2015 How the Nuns Built their New Temple

“My emanations, radiating waves of skillful means, will lead all future beings to their happiness.” —  Yeshe Tsogyal

Such was Yeshe Tsogyal’s promise, uttered to her disciples moments before attaining the rainbow body. Time and again, she has kept her word — sometimes appearing as a realized master, sometimes teaching through visionary experiences and sometimes, implanting her wisdom life force in sacred landscapes.

With the raising of a new temple at her birthplace, Tsogyal Latso, she has kept her word once again.

Yeshe Tsogyal is a female buddha who incarnated in eighth century Tibet to benefit beings. She was a consort of Guru Padmasambhava and one of his chief disciples. Through her life example, she demonstrated the path to enlightenment. As heir and protectress of Padmasambhava’s legacy and a sublime master in her own right, she helped establish Buddhism in Tibet and preserve it for future generations.

Tsogyal Latso is a historic pilgrimage site in the Drak Valley of Central Tibet.  It is most famous as the repository of Tsogyal’s ecological legacy — her life force lake which miraculously formed at her birth, her breast milk healing springs, and her life-force tree.

Today, a small community of nuns led by Ani Samten, are the caretakers of this sacred site of the enlightened feminine.

Lama Dechen Yeshe Wangmo, the founder of Jnanasukha Foundation, first visited Tsogyal Latso in 2009. As a lineage holder of The Dakini Heart Essence, (Khandro Thuk Thik) her connection to the Tsogyal Nuns was immediate and continues to blossom to this day.

On March 5, 2015, Lama Wangmo received a startling message from Ani Samten. After years of dreaming about a new temple, the nuns had at last started construction. The old temple had become too small and was falling apart. Their request for prayers to prevent obstacles was shared by Jnanasukha's global Internet community.

The nuns broke ground for the new temple on Buddha’s Miracle Day, both a new moon and a solar eclipse. With the help of a network of support— monastics and lamas, construction workers, craftsmen, local villagers, and a timber wholesaler from Kongpo—the temple's construction was off to an auspicious start.

“I take care of Tsogyal Latso because I have faith and because it's my karma. It's good karma, but still, it's difficult .”  — Ani Samten

Ani Samten is a humble and spirited nun with a talent for organizing. Small of stature with a melodic voice and dazzling smile, she moved to Tsogyal Latso in 2004 when it was not much more than a rundown temple, desecrated during the Cultural Revolution. Although her resources were scarce-to- non-existent, she vowed to rebuild Tsogyal Latso and to bring together a community of nuns devoted to Yeshe Tsogyal.

In 2012, Ani Samten sought government permission to build a new temple. The timber columns and structural supports of the existing temple were worm-eaten and deteriorated and the temple was too small to accommodate the nuns, the local community and pilgrims. Three years later, permission was granted.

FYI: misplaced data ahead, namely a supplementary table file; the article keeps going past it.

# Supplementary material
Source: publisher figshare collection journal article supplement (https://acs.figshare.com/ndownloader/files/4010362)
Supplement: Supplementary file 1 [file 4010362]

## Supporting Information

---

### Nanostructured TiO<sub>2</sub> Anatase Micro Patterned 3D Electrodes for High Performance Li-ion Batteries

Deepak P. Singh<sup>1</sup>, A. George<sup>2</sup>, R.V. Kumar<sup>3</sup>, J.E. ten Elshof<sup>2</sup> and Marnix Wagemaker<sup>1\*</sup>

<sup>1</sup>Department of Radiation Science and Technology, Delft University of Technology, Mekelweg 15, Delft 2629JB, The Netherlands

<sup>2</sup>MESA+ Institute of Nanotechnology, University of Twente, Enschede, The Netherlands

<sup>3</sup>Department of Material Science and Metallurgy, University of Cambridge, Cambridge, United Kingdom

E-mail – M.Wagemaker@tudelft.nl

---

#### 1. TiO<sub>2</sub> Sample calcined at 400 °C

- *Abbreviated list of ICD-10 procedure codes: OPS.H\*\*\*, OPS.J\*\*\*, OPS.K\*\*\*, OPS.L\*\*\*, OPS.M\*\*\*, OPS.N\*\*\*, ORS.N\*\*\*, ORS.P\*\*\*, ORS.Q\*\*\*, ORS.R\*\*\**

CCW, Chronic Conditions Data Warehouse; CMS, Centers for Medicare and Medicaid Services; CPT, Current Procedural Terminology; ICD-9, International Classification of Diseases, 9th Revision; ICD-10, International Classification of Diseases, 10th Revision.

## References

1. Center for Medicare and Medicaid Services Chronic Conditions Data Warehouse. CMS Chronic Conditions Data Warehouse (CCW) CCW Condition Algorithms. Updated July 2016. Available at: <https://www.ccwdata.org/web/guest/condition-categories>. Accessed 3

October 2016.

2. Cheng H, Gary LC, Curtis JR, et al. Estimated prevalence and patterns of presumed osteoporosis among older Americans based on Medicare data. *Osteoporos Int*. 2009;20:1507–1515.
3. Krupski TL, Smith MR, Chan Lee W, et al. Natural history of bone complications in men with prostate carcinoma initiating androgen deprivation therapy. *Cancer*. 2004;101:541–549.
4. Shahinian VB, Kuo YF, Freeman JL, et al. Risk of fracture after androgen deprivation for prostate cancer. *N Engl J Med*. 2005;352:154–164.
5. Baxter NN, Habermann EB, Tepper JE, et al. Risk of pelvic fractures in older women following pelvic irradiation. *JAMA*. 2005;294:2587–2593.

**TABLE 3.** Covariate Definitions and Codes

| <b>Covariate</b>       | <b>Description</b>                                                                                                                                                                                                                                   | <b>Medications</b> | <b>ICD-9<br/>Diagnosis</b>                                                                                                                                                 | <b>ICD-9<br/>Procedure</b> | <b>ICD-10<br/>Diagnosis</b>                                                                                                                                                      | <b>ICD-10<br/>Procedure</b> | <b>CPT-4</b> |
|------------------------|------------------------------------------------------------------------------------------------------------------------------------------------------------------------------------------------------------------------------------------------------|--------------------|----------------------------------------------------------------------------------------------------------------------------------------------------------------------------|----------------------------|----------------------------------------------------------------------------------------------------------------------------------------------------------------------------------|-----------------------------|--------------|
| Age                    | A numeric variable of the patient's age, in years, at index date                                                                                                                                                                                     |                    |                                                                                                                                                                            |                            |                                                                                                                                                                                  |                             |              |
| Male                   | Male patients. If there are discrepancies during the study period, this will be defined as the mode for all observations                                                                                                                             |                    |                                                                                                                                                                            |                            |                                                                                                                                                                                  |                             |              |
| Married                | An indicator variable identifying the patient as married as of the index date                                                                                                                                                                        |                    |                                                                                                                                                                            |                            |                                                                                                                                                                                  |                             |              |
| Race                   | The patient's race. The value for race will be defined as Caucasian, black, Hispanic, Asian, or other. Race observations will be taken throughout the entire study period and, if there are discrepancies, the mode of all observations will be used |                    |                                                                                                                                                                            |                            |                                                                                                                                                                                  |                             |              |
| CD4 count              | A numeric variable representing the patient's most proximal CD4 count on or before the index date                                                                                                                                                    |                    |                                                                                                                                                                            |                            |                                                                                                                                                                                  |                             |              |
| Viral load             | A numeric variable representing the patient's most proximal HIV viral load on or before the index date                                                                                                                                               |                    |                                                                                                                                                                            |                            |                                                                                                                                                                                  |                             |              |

Following the advice of lamas in Amdo, the energetic essence of the temple was preserved by a centuries-old practice of recycling. Instead of demolishing and disposing of the materials, the temple was dismantled and some of the stones and other materials were incorporated into the new temple.

To generate a stream of positive conditions, Ani Samten sent offerings to many monasteries and asked for prayers. Two monks from nearby Mindrolling performed a special ritual to safeguard the construction and the nuns accumulated 100,000 Vajrasattva mantras and 100,000 Praises to Tara.

“I always keep in mind that the new temple is for the benefit all beings.” — Ani Samten

In September, Lama Wangmo, with two Jnanasukha directors and a writer, left Lhasa for Tsogyal Latso. It was a beautiful day — dry and warm with fits of restless wind. They were looking forward to seeing all that had been accomplished in just a few months, especially the temple, the newest emanation of Yeshe Tsogyal in our world.

Several hours later, they arrived at the nunnery. As they walked through the traditionally-painted gate and across the sandy courtyard, the new temple glowed against a dazzling blue sky. On the roof, a new golden Dharma Wheel flanked by two kneeling deer reflected rays of amber light.

The traditional architecture and detailed woodwork — carved columns, door frames and latticed windows — were impressive. The mortared stone walls, rugged and brilliantly white, tapered gracefully toward the sky.

Ani Samten and a handful of smiling nuns suddenly appeared and in the spirit of a homecoming, they offered katas and warm greetings.

The interior chamber of the new temple was cool and dimly lit. The nuns “skated” around on cloth mats, playfully polishing the stone floors. Ani Samten explained that the timber columns would be painted in the upcoming months. Eventually, the bare plaster walls would be decorated with frescoes that illustrate Yeshe Tsogyal's life story.

When asked how they were able to accomplish so much in so little time, Ani Samten smiled and said,

“When a new temple is built, sometimes there are serious problems. People even die because of sudden accidents. But here at Tsogyal’s birthplace, there’s magic!”